English face curse of Lord's

It is a remarkable fact that since Headley Verity took 14 wickets in 1934, an England side has never won an Ashes Test at Lord’s.

If Australia’s all-too-familiar grip is to be loosened, the home team will have to improve vastly on every aspect of their game.

For Australia, it’s a case of business as usual. For England, new heroes need to be found and historical precedent placed firmly behind them.

Praise for England’s remarkable survival at Cardiff should be tempered by the knowledge that they were comprehensively outplayed for most of the match.
They were left clinging on desperately in a game that should have been a tame draw from ball one.

The pitch was largely benign, but in all disciplines Australia showed superior diligence, technique and application, exposing England’s languid pre-Test preparation match against Warwickshire and leaving them woefully undercooked for the rigours of Test cricket.

The cavalier and, in some cases, technically deficient manner in which the England top order surrendered their wickets in Cardiff calls into question the impact of the shortened forms of the game.

Australia’s main focus is the Test arena, with Twenty20 cricket viewed as no more than a minor distraction during an Ashes year.

They looked in their element in Wales; calm, methodical and unrelenting, when England appeared impatient with both bat and ball. For the home team to compete at Lord’s, they desperately need to rethink their approach.

Australia’s powerful batting display at Cardiff means they remain unchanged for Lord’s. Opener Simon Katich underlined his value with an unobtrusive but wonderfully effective 100, complemented perfectly by Ponting’s chanceless 150.

Of the Australian top six, only Phil Hughes has failed to score a century on this tour and the batting line-up is already looking a good deal more dangerous than it did in South Africa a few months ago.

No longer able to rely on the brilliance of Shane Warne and Glenn McGrath, the Australian bowling attack has reverted to the more mundane principles of discipline and pressure, with each bowler having a clearly defined role.

Perhaps the only real concern can be Mitchell Johnson’s curiously erratic performance. Ponting will be hoping for a return to form at Lord’s, where the wicket should be more conducive to both pace and swing.

In sharp contrast the toothless and ill-disciplined England bowling display in Cardiff has raised major questions about whether England have the firepower to knock down the opposition batting twice in a match.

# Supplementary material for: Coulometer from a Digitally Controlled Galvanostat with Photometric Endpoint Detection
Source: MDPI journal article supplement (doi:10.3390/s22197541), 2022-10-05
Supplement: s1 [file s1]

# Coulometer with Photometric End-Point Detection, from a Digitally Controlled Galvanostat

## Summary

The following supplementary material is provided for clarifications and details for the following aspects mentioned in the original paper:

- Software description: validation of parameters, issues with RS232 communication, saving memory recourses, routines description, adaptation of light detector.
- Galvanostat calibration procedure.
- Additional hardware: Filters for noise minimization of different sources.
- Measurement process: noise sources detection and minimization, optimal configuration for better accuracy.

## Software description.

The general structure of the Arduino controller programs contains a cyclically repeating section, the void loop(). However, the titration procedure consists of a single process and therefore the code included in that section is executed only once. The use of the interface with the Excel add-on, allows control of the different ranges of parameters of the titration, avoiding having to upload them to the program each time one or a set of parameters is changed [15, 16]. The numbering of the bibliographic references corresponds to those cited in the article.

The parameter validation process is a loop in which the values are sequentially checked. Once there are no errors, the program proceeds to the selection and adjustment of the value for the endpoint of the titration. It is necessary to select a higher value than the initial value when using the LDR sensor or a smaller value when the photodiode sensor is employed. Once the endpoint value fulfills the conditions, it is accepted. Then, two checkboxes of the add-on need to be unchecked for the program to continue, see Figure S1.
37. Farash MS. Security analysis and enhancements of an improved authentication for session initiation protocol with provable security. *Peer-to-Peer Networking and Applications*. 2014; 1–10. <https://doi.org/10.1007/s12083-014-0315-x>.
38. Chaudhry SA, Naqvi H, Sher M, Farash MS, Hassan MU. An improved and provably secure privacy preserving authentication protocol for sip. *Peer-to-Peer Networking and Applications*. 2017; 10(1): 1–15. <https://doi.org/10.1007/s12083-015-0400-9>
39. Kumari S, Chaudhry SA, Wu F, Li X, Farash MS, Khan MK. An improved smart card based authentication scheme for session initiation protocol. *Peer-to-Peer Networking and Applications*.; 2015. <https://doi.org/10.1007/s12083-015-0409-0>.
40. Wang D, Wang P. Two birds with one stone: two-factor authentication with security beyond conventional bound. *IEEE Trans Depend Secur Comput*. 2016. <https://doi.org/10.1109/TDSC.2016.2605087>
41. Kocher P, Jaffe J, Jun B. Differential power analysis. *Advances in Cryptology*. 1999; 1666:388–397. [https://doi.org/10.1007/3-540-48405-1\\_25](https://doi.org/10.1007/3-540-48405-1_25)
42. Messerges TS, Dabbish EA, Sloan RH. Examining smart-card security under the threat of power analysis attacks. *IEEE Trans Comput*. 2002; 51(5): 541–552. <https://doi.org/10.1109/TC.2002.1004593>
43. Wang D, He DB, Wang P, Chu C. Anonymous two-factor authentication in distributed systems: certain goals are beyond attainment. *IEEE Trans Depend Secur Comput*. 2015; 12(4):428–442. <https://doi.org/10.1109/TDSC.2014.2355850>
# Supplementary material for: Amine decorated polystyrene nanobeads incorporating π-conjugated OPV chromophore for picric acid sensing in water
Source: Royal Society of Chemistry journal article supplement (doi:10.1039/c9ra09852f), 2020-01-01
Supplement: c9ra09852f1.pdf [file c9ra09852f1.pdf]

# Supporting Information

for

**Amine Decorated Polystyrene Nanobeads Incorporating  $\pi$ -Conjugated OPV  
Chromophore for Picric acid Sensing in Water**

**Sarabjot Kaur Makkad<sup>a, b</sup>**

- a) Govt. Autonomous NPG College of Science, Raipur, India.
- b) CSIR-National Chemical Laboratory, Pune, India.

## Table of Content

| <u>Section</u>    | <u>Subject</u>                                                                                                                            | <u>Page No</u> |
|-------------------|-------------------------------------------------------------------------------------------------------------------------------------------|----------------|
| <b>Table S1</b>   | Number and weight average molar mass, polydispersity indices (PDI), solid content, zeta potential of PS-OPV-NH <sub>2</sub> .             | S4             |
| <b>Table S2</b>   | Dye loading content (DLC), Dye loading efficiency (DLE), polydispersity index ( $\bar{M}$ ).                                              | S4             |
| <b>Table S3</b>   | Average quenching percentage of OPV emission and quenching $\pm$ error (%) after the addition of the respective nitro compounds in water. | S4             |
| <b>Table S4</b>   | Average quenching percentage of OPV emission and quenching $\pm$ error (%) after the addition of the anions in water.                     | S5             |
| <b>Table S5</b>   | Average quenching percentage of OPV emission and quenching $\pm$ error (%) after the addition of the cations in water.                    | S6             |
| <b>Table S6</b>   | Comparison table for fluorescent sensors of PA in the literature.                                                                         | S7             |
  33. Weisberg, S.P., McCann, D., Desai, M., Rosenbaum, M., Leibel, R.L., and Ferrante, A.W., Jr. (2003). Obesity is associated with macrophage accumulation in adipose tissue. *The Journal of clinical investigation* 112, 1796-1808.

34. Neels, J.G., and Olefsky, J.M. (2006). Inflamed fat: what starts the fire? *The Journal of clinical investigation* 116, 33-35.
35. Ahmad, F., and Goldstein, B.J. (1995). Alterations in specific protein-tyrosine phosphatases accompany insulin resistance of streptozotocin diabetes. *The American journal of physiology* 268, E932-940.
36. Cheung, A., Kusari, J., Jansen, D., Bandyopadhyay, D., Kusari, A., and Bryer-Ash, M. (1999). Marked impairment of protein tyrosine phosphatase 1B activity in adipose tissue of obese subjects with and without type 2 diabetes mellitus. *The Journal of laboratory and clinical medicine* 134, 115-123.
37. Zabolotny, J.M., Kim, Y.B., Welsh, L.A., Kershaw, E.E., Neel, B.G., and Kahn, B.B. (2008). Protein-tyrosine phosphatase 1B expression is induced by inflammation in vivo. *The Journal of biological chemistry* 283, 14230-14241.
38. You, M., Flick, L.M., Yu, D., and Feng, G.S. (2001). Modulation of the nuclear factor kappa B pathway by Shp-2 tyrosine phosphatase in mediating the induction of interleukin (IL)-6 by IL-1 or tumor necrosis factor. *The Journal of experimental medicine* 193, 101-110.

Deeply troubling to the selectors must be the underperformance of the vaunted English spin attack, supposedly the department where they have a clear edge over the Australians. Graham Swann and Monty Panesar jointly managed just 276-1 in Australia’s mammoth first innings, and whereas Panesar was arguably the better half of a disappointing duo, Lord’s is unlikely to give him much assistance, wheras Swann will add more depth to England’s potentially brittle batting.

The exclusion of a spinner gives England the opportunity to beef up its pace attack and the predictable fitness concerns over Andrew Flintoff, who is retiring from Test cricket after the Ashes, bring the enigmatic paceman Steve Harmison back into the selection mix.

Question marks hang over Harmison’s consistency and commitment, but when he’s on form he is arguably England’s best bowler.

Wickets for his county, Durham, and success against the Australians in the England A warm-up match, where he knocked over both openers and Ponting, will enhance his selection credentials.

The more conservative pace option is relative newcomer Graham Onions, who troubled an admittedly weak West Indian batting line in the England series.

If selected, the challenge of bowling to an Australian batting line-up now full of confidence will be a truer test of his abilities. But the selectors face a gamble, whichever way they lean.

Australia clearly have fewer quandaries, but there will be some concern that they failed to show the killer instinct to finish off a team on the ropes.

The howls of indignation from the Australian media over England’s time-wasting tactics should not disguise the fact that Ponting’s bowlers failed to take the final wicket in an 11-over spell. The England hierarchy will not have been displeased by the prickly manner in which the Australian captain discussed Andrew Strauss’s ‘ordinary” tactics at the post-match presser.

As the focus shifts back to the home of cricket, the battle between the leadership of Strauss and Ponting goes under the microscope once again. Strauss will be feeling the pressure to make amends for his failures with the bat at Cardiff, and he will be hoping to build on his excellent record at Lord’s to solidify England’s shaky top order.

Ponting’s captaincy may come under regular scrutiny, but his skills with the bat are beyond question. His batting display at Cardiff suggests a return to form that could seriously damage England’s chances of regaining the Ashes.

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